In healthy individuals IE is associated with lower values for heart rate, oxygen uptake (V˙o2), expired ventilation (V˙e), and blood lactate concentration than continuous exercise (CE).7,8 An important functional outcome is that total work performed is greatly increased during IE compared with CE when performed at the same absolute intensity.9 Moreover, Morris and colleagues8 showed that the lower V˙o2 response associated with IE compared with CE performed at 70% of peak power was primarily due to the exponential V˙o2 kinetic response typical of a step change in activity level (on-transient V˙o2 kinetics). At the onset of constant load exercise a transient exponential increase in V˙o2 is observed, attaining a new steady state level within 120–180 seconds during light to moderate intensity exercise.10 Even during higher intensity exercise that engenders a slow component of increasing V˙o2, the on-transient kinetic response remains exponential.11 Thus, for exercise intervals greater than 120 seconds, the V˙o2 attained at the end of each exercise interval approaches that reached during CE at the same exercise intensity. This suggests that the duration of the exercise period is an important factor in determining the IE response, with longer exercise intervals reducing the differences observed between CE and IE.

To date there have been no studies examining the acute response to IE in individuals with COPD. However, Vogiatzis et al4 reported that the perception of dyspnoea was systematically lower during IE training than during CE training in patients with moderate to severe COPD, despite IE being performed at a greater relative intensity than CE. A reduced ventilatory demand and lower degree of dynamic lung hyperinflation during IE could contribute to a reduction in dyspnoea and an improvement in exercise tolerance, independent of the metabolic demand for this mode of exercise. Studies in patients with COPD have also demonstrated slowed on-transient V˙o2 kinetics (measured as the time constant or time taken to attain 63% of the asymptotic amplitude) compared with healthy control subjects during submaximal exercise.12,13 Slower kinetics may in turn result in a relatively lower V˙o2 amplitude during IE.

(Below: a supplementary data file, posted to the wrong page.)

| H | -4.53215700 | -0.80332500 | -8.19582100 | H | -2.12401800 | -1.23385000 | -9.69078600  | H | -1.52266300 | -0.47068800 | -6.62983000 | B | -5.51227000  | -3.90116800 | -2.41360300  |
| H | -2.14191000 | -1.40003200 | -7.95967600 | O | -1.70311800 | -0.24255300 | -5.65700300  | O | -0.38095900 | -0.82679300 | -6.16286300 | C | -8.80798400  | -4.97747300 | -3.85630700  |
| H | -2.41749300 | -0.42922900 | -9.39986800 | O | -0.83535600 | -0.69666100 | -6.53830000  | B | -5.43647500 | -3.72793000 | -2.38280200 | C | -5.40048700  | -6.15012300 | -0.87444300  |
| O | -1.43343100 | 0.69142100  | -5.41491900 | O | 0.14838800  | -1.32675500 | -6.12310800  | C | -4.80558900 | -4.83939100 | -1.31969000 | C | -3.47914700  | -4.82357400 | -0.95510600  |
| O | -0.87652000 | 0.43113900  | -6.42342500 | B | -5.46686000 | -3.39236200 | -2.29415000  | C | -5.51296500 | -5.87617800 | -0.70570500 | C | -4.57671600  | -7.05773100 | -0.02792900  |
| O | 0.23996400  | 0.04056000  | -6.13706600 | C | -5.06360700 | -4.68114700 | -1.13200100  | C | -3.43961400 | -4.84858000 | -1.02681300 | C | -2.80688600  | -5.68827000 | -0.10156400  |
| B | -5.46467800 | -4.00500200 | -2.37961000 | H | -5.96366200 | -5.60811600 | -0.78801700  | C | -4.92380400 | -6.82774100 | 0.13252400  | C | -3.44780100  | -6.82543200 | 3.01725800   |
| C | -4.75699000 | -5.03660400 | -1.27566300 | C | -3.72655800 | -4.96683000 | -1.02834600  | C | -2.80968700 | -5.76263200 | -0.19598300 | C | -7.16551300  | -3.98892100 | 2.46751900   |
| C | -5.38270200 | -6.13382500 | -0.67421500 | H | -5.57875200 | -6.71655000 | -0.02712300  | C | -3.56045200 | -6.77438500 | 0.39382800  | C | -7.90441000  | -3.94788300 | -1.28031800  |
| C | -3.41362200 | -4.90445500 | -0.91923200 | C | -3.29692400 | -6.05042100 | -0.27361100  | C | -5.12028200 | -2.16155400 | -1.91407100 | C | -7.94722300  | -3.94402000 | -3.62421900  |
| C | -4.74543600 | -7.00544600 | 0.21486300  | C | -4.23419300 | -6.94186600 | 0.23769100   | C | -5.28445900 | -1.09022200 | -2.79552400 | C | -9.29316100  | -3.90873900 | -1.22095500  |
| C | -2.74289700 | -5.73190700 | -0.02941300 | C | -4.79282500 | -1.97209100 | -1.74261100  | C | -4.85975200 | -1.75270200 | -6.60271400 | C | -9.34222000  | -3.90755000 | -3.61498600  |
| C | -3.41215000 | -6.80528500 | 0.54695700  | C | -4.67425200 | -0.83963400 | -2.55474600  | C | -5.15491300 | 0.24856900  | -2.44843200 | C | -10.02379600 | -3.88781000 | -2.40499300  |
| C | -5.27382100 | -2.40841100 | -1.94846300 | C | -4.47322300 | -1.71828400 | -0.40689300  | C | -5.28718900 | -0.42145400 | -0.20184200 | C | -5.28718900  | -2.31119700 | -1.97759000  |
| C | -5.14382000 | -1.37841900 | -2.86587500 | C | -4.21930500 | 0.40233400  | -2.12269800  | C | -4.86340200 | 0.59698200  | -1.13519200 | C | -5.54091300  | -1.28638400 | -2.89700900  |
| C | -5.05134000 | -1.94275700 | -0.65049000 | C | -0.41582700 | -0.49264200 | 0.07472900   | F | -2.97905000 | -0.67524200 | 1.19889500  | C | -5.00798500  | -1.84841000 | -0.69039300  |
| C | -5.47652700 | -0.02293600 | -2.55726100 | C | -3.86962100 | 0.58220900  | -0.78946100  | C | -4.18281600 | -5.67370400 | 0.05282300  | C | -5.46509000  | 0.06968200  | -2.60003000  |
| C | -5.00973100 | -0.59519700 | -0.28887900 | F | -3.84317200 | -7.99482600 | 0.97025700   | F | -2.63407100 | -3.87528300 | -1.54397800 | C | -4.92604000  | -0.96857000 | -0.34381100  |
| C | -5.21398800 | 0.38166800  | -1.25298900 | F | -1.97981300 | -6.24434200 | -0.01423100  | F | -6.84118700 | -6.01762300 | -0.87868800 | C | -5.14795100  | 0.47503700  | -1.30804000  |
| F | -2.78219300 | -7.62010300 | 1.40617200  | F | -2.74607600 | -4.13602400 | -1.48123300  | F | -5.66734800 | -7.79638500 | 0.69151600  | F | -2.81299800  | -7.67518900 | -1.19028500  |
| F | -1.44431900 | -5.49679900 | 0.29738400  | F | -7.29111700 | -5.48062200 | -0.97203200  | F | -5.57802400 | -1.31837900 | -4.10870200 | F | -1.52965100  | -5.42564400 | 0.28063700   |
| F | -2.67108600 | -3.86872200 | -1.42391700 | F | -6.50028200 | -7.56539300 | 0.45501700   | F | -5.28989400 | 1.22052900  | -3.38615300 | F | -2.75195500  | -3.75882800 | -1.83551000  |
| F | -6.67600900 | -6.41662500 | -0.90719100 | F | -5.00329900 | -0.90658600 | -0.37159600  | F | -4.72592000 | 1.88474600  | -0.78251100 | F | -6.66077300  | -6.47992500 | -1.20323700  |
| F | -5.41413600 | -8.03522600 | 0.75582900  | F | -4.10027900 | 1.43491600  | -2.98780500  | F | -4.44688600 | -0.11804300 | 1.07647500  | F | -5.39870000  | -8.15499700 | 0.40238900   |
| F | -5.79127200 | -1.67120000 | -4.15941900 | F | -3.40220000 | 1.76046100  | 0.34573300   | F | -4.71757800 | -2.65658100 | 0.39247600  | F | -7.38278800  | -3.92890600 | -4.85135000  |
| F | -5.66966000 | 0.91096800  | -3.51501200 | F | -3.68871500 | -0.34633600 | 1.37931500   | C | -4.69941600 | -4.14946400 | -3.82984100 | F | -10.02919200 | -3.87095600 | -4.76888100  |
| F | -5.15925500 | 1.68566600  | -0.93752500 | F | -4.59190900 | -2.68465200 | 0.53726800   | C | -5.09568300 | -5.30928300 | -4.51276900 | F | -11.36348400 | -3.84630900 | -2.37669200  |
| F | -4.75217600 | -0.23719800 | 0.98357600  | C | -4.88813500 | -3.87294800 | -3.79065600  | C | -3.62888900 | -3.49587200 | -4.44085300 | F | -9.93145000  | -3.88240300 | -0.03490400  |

Severe deconditioning and dyspnoea with exertion are major deterrents to physical activity in COPD patients and could reduce compliance with exercise rehabilitation programmes.14 If total work performed and/or time to exhaustion are increased and perceived intensity of breathlessness reduced during IE compared with CE, then IE may be a useful training mode in the pulmonary rehabilitation setting. The purpose of the present study was therefore to compare the physiological responses to IE using 1 minute exercise and 1 minute rest intervals, and CE performed at the same absolute power output in a group of COPD patients with moderate airflow obstruction. Performing IE and CE at the same absolute intensity will normalise the metabolic demand and allow for a comparison of the physiological responses between the two exercise modes. It is hypothesised that (1) exercise tolerance (total work performed) will be greater during IE than during CE, (2) IE will be associated with a lower degree of physiological perturbation (V˙o2, V˙e, blood lactate concentration, dyspnoea), (3) the degree of dynamic hyperinflation will be lower in IE than in CE, and (4) dynamic hyperinflation will be positively correlated with breathlessness.